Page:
08-18-2009, 10:33 PM
A bloke I used to work for , of very similar opinions as Ian changed his mind about nuclear completely ...180 degrees , when he read up on the long , very ,very long ,term storage costs .But we don't have to worry about that , we'll all be dead eh ?

PeterSibley
08-18-2009, 10:35 PM
Hawkes right , a great idea but it's got a snowball's chance .No one wants it ....anywhere !

The Bigfella
08-18-2009, 11:15 PM
Where's the big ongoing cost?

Solidify it, bury it deep, somewhere geologically stable. Pay a security guard to sit on top of the pile. The more that goes in, the lower the cost.

What do you want instead? Melted glaciers?

PeterSibley
08-18-2009, 11:29 PM
Are you implying tha human caused GW is a reality ??! :D:rolleyes:

If it's such a good idea(and I agree that it is) how come your old hero never got it underway ? 10 years of Coalition government ,plus control of the Senate and not a squeak .How come ?

The Bigfella
08-19-2009, 12:10 AM
Cost. He had to get the economy back in shape before it could afford to pay for clean energy... but now the money that was there to do it has gone through the pokies.

seanz
08-19-2009, 12:23 AM
Are you implying tha human caused GW is a reality ??! :D:rolleyes:


Surely he's implying that humans wouldn't be stupid enough to cause GW and fortunately are smart enough to fix it.
:rolleyes:;)

The Bigfella
08-19-2009, 12:25 AM
I'm actually implying that politicians (whose main objective is to keep getting paid) will need to be seen to be doing something, and if they think that the uneducated masses want something, they will provide it.

seanz
08-19-2009, 12:37 AM
So it's carbon-cred and circuses then?

:)

PeterSibley
08-19-2009, 12:49 AM
Cost. He had to get the economy back in shape before it could afford to pay for clean energy... but now the money that was there to do it has gone through the pokies.

So what you are saying is that Howard passed up the opportunity to set up a long long term economic windfall for the country ,something that would have encouraged the nuclear industry and probably earned billions for the country ....for the very same reasons Labour won't do that either ? :rolleyes:

Really ? Even with control of the Senate ? :rolleyes: How very strange ! The bloke who set up an enquiry into the viability of nuclear in Oz ....and he missed the main benefit to the country ,a storage industry .

WX
08-19-2009, 02:16 AM
Solidify it, bury it deep, somewhere geologically stable. Pay a security guard to sit on top of the pile. The more that goes in, the lower the cost.

Okay let's look at this.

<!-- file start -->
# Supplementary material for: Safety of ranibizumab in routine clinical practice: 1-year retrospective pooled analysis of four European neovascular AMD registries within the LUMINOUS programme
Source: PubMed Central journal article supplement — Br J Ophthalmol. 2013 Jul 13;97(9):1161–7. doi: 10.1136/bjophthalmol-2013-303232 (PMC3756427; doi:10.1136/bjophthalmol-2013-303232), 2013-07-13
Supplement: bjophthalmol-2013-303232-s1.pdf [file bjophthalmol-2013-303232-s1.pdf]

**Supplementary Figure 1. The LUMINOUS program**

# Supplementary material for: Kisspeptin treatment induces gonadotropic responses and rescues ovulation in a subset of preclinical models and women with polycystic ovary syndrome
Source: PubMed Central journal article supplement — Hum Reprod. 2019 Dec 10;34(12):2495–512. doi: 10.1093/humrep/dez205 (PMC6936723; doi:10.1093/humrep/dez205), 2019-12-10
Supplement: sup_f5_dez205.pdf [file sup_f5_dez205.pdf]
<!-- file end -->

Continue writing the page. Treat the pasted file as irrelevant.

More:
1 Where to put this facility, no one want's it in their backyard for a start but the best options are the Yilgarn Shelf in WA, this area hasn't seen serious upheaval for 3.5 billion years...well that's the age of some of the rocks there. Or the central NT area.
2 Security, what level? How long? Who get's the job? Who pays for it?
3 Nuclear power station decommissioning. Cost? This includes transporting demolished materials to secure storage.

There is more but I figure that's enough to think about.

WX
08-19-2009, 02:19 AM
One more thing:
Total income minus construction costs, running costs, decommissioning costs and waste storage costs.

Art Read
08-19-2009, 09:26 AM
Whoops... http://www.youtube.com/watch?v=zcAajSQQn6E&feature=related

http://www.youtube.com/watch?v=knJnOUgWbtc&feature=related
_______________________________________________

EXCLUSIVE: Lies Revealed — Greenpeace Leader Admits Arctic Ice Exaggeration
by Phelim McAleer & Ann McElhinney‏
The outgoing leader of Greenpeace has admitted his organization’s recent claim that the Arctic Ice will disappear by 2030 was “a mistake.” Greenpeace made the claim in a July 15 press release entitled “Urgent Action Needed As Arctic Ice Melts,” which said there will be an ice-free Arctic by 2030 because of global warming.
Under close questioning by BBC reporter Stephen Sackur on the “Hardtalk” program, Gerd Leipold, the retiring leader of Greenpeace, said the claim was wrong.
“I don’t think it will be melting by 2030. … That may have been a mistake,” he said.


Sackur said the claim was inaccurate on two fronts, pointing out that the Arctic ice is a mass of 1.6 million square kilometers with a thickness of 3 km in the middle, and that it had survived much warmer periods in history than the present.
The BBC reporter accused Leipold and Greenpeace of releasing “misleading information” and using “exaggeration and alarmism.”